Welcome to the New Zealand Plant Radiation Network (NZPRN) wiki. Here you will find information on research being conducted on species radiation in the New Zealand flora.
The NZPRN is open to everyone interested in plant evolutionary biology. Please contact one of the people of the organising committee if you would like to join. New NZPRN members will automatically receive a login so that they can contribute to the wiki. If you are an existing member of the NZPRN you can register for a wiki login here.
Also check out our NZPRN facebook group!
If you have any comments or questions about the wiki, please do not hesitate to e-mail firstname.lastname@example.org.
What is species radiation?
What are plant species radiations, and why are they important? Understanding how global plant biodiversity arose and is maintained requires an understanding of plant species radiation - a process of diversification that produces morphologically and ecologically distinct, but genetically similar, species from a single founding population. Species radiations are a feature of many world floras including that of New Zealand. Developing our understanding of species radiation will help us to understand the nature, evolutionary potential and adaptability of our flora to environmental change.
Job opportunities at CSIRO
: RESEARCH SCIENTISTS – 4 X POSITIONS
Location: Canberra, Australia
Salary: $89K-$120K (based on qualifications and experience) plus up to 15.4% superannuation
and extensive postdoctoral experience in a relevant field.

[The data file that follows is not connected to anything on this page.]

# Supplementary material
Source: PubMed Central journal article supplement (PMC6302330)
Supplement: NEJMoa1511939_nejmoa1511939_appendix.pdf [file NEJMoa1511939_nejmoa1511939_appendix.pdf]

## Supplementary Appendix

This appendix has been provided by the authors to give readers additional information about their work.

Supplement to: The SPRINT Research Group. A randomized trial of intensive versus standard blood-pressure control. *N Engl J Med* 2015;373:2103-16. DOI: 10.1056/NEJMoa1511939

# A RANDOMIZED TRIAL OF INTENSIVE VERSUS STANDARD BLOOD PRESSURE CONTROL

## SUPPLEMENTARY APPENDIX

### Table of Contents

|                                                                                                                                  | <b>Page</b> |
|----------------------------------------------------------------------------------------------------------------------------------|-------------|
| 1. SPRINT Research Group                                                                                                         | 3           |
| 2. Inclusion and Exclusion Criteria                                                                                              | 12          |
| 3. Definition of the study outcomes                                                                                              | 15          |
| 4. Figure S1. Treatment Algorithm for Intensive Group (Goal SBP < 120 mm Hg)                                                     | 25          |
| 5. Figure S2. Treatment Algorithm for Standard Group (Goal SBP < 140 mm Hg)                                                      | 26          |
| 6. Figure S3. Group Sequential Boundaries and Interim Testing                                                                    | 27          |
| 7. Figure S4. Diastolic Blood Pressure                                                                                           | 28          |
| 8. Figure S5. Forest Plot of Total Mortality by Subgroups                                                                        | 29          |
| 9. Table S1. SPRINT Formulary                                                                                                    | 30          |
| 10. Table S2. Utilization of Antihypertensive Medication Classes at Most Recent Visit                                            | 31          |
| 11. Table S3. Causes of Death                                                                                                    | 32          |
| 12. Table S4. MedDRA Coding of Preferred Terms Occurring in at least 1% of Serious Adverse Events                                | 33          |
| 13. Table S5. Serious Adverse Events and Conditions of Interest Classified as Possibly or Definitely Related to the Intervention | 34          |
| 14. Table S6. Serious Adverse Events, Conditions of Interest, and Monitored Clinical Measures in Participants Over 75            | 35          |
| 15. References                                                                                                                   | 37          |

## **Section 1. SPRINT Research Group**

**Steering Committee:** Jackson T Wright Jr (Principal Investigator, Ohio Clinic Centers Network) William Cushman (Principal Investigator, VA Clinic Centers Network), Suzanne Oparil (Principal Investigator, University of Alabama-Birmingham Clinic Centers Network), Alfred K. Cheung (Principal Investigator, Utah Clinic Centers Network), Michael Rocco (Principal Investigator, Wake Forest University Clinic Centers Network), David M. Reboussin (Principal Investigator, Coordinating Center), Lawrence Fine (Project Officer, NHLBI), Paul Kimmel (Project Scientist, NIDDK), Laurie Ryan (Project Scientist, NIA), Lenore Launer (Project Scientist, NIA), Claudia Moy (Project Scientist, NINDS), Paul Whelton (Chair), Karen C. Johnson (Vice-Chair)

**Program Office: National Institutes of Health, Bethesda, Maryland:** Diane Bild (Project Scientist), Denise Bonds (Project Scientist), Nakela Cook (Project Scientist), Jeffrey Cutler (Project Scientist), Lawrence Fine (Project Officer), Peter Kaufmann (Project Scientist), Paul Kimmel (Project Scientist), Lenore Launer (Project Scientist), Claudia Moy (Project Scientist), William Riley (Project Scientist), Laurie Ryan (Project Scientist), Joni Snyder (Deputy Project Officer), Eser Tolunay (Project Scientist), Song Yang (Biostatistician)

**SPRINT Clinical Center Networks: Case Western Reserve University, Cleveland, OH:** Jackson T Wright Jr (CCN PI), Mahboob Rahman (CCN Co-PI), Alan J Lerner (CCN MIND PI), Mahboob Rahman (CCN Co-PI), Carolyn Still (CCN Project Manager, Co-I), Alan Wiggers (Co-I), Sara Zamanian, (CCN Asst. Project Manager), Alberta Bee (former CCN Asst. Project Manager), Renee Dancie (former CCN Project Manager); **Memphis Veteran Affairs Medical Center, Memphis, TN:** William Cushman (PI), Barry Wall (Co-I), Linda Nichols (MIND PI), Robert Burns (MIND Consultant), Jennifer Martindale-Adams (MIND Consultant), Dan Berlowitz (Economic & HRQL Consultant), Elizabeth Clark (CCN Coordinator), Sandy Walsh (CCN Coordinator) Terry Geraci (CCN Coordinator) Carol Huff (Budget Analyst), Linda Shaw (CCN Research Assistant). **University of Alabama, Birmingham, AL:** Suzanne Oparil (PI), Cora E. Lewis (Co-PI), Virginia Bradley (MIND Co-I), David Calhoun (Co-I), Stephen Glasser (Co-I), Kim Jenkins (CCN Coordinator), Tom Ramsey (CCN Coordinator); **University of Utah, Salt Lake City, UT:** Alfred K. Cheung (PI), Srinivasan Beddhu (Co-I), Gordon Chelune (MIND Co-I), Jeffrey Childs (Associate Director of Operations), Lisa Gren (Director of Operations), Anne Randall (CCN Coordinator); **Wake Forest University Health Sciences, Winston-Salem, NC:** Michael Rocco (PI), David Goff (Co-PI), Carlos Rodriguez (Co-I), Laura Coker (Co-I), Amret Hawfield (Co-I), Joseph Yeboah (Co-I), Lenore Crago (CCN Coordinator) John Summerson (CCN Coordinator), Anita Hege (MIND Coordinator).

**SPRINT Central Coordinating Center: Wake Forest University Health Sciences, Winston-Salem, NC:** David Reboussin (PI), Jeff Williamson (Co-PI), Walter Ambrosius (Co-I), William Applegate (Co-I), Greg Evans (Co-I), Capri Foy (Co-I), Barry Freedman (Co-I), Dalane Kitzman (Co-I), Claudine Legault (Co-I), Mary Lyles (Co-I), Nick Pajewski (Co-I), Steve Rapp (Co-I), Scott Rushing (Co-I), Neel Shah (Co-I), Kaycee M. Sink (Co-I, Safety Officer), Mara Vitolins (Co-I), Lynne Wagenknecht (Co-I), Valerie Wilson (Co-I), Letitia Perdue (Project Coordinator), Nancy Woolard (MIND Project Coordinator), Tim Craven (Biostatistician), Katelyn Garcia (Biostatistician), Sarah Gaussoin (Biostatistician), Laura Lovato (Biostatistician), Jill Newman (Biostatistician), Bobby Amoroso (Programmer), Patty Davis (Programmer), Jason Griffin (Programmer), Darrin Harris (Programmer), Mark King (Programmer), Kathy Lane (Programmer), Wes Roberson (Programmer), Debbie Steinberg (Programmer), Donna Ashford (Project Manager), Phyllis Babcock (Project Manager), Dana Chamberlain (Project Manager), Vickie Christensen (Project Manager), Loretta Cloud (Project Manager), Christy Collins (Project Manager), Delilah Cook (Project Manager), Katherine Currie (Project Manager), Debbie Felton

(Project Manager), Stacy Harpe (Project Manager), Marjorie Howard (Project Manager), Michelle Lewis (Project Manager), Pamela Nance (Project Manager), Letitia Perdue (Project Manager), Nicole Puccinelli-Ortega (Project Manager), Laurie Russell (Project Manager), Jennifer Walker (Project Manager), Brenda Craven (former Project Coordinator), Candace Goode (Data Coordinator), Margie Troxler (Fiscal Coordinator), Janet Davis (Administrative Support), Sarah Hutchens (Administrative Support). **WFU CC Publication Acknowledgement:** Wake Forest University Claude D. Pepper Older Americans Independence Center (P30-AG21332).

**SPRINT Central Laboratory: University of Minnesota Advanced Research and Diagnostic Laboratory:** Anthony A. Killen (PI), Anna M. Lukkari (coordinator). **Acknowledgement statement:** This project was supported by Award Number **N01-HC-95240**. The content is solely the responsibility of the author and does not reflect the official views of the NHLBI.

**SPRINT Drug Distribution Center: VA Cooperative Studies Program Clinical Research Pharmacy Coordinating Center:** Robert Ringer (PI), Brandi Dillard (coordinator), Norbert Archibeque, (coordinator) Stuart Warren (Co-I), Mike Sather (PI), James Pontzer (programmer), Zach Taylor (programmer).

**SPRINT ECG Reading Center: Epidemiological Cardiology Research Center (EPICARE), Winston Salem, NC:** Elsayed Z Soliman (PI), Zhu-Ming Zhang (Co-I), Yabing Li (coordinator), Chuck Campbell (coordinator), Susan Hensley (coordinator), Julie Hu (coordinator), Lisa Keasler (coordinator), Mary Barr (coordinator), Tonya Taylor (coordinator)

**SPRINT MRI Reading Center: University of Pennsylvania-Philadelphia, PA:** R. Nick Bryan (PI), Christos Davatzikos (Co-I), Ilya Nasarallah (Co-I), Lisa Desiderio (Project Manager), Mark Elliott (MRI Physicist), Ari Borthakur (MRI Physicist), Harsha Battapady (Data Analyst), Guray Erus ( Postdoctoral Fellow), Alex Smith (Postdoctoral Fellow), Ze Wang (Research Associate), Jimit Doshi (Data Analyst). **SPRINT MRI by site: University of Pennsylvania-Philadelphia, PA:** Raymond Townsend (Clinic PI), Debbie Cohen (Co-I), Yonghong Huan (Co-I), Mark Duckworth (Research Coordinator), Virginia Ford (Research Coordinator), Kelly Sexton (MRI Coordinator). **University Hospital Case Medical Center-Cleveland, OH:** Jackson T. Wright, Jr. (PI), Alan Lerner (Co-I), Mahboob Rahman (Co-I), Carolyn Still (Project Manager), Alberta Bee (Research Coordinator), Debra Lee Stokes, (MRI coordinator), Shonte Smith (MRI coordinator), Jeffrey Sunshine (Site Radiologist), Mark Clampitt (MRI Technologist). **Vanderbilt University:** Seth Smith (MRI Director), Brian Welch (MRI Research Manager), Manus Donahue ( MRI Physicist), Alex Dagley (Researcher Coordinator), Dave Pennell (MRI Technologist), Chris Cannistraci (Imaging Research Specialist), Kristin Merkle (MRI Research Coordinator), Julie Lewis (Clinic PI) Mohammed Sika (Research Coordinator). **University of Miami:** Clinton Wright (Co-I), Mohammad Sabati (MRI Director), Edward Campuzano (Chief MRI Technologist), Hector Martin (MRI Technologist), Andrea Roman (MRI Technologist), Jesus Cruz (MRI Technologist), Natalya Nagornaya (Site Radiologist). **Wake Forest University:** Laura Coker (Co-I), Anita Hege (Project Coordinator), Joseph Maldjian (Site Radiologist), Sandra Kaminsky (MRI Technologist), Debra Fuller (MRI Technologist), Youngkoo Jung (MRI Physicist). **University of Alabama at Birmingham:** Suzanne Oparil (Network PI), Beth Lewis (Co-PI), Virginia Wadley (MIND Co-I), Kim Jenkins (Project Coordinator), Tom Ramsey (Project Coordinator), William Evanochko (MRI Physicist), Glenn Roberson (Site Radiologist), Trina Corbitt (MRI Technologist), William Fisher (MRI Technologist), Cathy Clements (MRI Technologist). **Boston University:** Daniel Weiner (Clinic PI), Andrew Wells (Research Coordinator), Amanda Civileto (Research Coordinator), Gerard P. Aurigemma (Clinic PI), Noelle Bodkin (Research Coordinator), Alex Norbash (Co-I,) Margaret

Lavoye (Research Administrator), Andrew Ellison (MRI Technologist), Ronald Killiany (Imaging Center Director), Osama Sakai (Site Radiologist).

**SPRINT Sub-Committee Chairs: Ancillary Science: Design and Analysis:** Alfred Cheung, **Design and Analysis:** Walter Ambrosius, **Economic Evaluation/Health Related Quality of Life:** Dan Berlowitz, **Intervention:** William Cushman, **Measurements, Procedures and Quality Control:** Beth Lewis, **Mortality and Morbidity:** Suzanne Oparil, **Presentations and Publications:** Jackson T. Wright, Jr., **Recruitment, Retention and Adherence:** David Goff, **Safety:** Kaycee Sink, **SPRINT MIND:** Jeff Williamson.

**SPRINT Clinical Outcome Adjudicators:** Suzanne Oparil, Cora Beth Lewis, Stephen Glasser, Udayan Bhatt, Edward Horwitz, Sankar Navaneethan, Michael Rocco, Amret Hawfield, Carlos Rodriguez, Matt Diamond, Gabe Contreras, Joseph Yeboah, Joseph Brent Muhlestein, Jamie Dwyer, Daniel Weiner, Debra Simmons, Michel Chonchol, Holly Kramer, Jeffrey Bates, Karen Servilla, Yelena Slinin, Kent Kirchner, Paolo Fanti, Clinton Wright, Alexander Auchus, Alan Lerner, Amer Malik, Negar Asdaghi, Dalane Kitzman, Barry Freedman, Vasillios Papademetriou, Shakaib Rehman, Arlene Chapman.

ACT12/03557 - Invertebrate - Molecular Systematics
ACT12/03558 - Vertebrate - Systematics and Collections
ACT12/04633 - Plant Molecular Systematics and Evolutionary Genomics (x2)
Applications close: 11.30pm (EST) on 30 January 2013. For more information, see the flyer
"The southern hemisphere supports some of the most spectacular plant and animal radiations globally. On many land masses these contribute disproportionately to regional biodiversity. The radiations have arisen in a range of climates and over varying timescales. This symposium examines the key processes driving diversification across different southern land masses in order to improve our understanding of radiations generally. The aim is to compare animal and plant radiations and to determine whether similar or different drivers are involved." (Contact: Bill Lee
Research on New Zealand plant species radiations
The well understood geological and climatic record for New Zealand, together with the simple complexity of our flora provides for a unique model system to investigate plant evolutionary and ecological processes. Some examples of plant groups that have radiated extensively in New Zealand include Asplenium
, and Ranunculus
, among others. Making the most of opportunities to study and understand these plants requires interdisciplinary research in palynology, morphology, ecology, physiology and in studies of genetic variation. It requires the collaboration of biologists, mathematicians, physicists, computer scientists, climatologists and geologists.
It is with this collaborative spirit in mind that we would like to introduce the New Zealand Plant Radiation Network (NZPRN). The NZPRN aims to bring together researchers interested in botanical research to promote collaboration and discussion of ideas, methods and projects around several themes
including: delimitation of species, ecological drivers of radiation, reconstructing the evolutionary history of species radiations, and evolutionary significance of hybridisation and polyploidy.
- Lehnebach, C. A. 2012. Two new species of forget-me-nots ( Myosotis, Boraginaceae) from New Zealand. Phytokeys 16:53-64. Article
- Lee, W. G., A. J. Tanentzap, and P. B. Heenan. 2012. Plant radiation history affects community assembly: evidence from the New Zealand alpine. Biology Letters 8(4): 558-561. Article
- Meudt, Heidi M. 2012. Taxonomic revision of New Zealand endemic species of Plantago (Plantaginaceae). New Zealand Journal of Botany 50(2):101-178. Article
- Prebble, Jessie, Heidi M. Meudt, and Phil Garnock-Jones. 2012. Molecular phylogeny of Australasian Wahlenbergia (Campanulaceae). Australian Systematic Botany 25(1):11-30. Arcticle http://dx.doi.org/10.1071/SB11023